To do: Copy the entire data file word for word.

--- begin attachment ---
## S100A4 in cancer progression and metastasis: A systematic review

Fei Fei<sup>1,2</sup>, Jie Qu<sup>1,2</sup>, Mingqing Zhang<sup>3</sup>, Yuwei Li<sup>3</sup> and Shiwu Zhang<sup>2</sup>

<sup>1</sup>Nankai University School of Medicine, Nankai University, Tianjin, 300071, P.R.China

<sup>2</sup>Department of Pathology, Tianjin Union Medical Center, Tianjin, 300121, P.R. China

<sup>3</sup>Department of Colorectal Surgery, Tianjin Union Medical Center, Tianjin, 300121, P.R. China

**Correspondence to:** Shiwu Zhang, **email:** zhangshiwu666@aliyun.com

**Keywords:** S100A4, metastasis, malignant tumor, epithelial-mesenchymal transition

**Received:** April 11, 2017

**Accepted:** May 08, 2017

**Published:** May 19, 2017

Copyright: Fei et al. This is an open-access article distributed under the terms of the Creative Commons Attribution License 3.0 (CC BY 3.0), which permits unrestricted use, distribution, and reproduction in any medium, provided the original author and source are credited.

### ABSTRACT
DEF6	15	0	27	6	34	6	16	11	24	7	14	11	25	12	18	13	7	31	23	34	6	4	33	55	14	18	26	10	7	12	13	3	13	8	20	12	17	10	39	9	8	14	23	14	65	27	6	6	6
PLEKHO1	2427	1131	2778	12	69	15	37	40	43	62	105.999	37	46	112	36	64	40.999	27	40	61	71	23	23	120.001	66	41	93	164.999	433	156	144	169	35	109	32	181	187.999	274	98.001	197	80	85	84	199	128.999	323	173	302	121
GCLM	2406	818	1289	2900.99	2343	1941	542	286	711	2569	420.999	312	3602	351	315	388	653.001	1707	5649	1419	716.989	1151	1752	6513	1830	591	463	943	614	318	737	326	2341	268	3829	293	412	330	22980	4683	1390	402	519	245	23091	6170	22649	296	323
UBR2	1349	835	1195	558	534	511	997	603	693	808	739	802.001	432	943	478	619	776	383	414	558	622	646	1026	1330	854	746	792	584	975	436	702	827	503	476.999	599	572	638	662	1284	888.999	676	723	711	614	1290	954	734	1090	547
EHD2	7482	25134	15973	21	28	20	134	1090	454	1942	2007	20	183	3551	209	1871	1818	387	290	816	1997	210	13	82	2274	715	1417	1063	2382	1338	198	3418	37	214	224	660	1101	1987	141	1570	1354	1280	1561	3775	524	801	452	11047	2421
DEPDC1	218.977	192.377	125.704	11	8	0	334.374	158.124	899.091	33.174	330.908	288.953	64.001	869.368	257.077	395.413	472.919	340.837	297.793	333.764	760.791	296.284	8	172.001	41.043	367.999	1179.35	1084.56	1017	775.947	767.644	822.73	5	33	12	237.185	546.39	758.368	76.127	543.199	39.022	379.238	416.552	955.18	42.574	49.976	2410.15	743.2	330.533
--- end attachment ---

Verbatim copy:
## S100A4 in cancer progression and metastasis: A systematic review

Fei Fei<sup>1,2</sup>, Jie Qu<sup>1,2</sup>, Mingqing Zhang<sup>3</sup>, Yuwei Li<sup>3</sup> and Shiwu Zhang<sup>2</sup>

<sup>1</sup>Nankai University School of Medicine, Nankai University, Tianjin, 300071, P.R.China

<sup>2</sup>Department of Pathology, Tianjin Union Medical Center, Tianjin, 300121, P.R. China

<sup>3</sup>Department of Colorectal Surgery, Tianjin Union Medical Center, Tianjin, 300121, P.R. China

**Correspondence to:** Shiwu Zhang, **email:** zhangshiwu666@aliyun.com

**Keywords:** S100A4, metastasis, malignant tumor, epithelial-mesenchymal transition

**Received:** April 11, 2017

**Accepted:** May 08, 2017

**Published:** May 19, 2017

Copyright: Fei et al. This is an open-access article distributed under the terms of the Creative Commons Attribution License 3.0 (CC BY 3.0), which permits unrestricted use, distribution, and reproduction in any medium, provided the original author and source are credited.

### ABSTRACT
DEF6	15	0	27	6	34	6	16	11	24	7	14	11	25	12	18	13	7	31	23	34	6	4	33	55	14	18	26	10	7	12	13	3	13	8	20	12	17	10	39	9	8	14	23	14	65	27	6	6	6
PLEKHO1	2427	1131	2778	12	69	15	37	40	43	62	105.999	37	46	112	36	64	40.999	27	40	61	71	23	23	120.001	66	41	93	164.999	433	156	144	169	35	109	32	181	187.999	274	98.001	197	80	85	84	199	128.999	323	173	302	121
GCLM	2406	818	1289	2900.99	2343	1941	542	286	711	2569	420.999	312	3602	351	315	388	653.001	1707	5649	1419	716.989	1151	1752	6513	1830	591	463	943	614	318	737	326	2341	268	3829	293	412	330	22980	4683	1390	402	519	245	23091	6170	22649	296	323
UBR2	1349	835	1195	558	534	511	997	603	693	808	739	802.001	432	943	478	619	776	383	414	558	622	646	1026	1330	854	746	792	584	975	436	702	827	503	476.999	599	572	638	662	1284	888.999	676	723	711	614	1290	954	734	1090	547
EHD2	7482	25134	15973	21	28	20	134	1090	454	1942	2007	20	183	3551	209	1871	1818	387	290	816	1997	210	13	82	2274	715	1417	1063	2382	1338	198	3418	37	214	224	660	1101	1987	141	1570	1354	1280	1561	3775	524	801	452	11047	2421
DEPDC1	218.977	192.377	125.704	11	8	0	334.374	158.124	899.091	33.174	330.908	288.953	64.001	869.368	257.077	395.413	472.919	340.837	297.793	333.764	760.791	296.284	8	172.001	41.043	367.999	1179.35	1084.56	1017	775.947	767.644	822.73	5	33	12	237.185	546.39	758.368	76.127	543.199	39.022	379.238	416.552	955.18	42.574	49.976	2410.15	743.2	330.533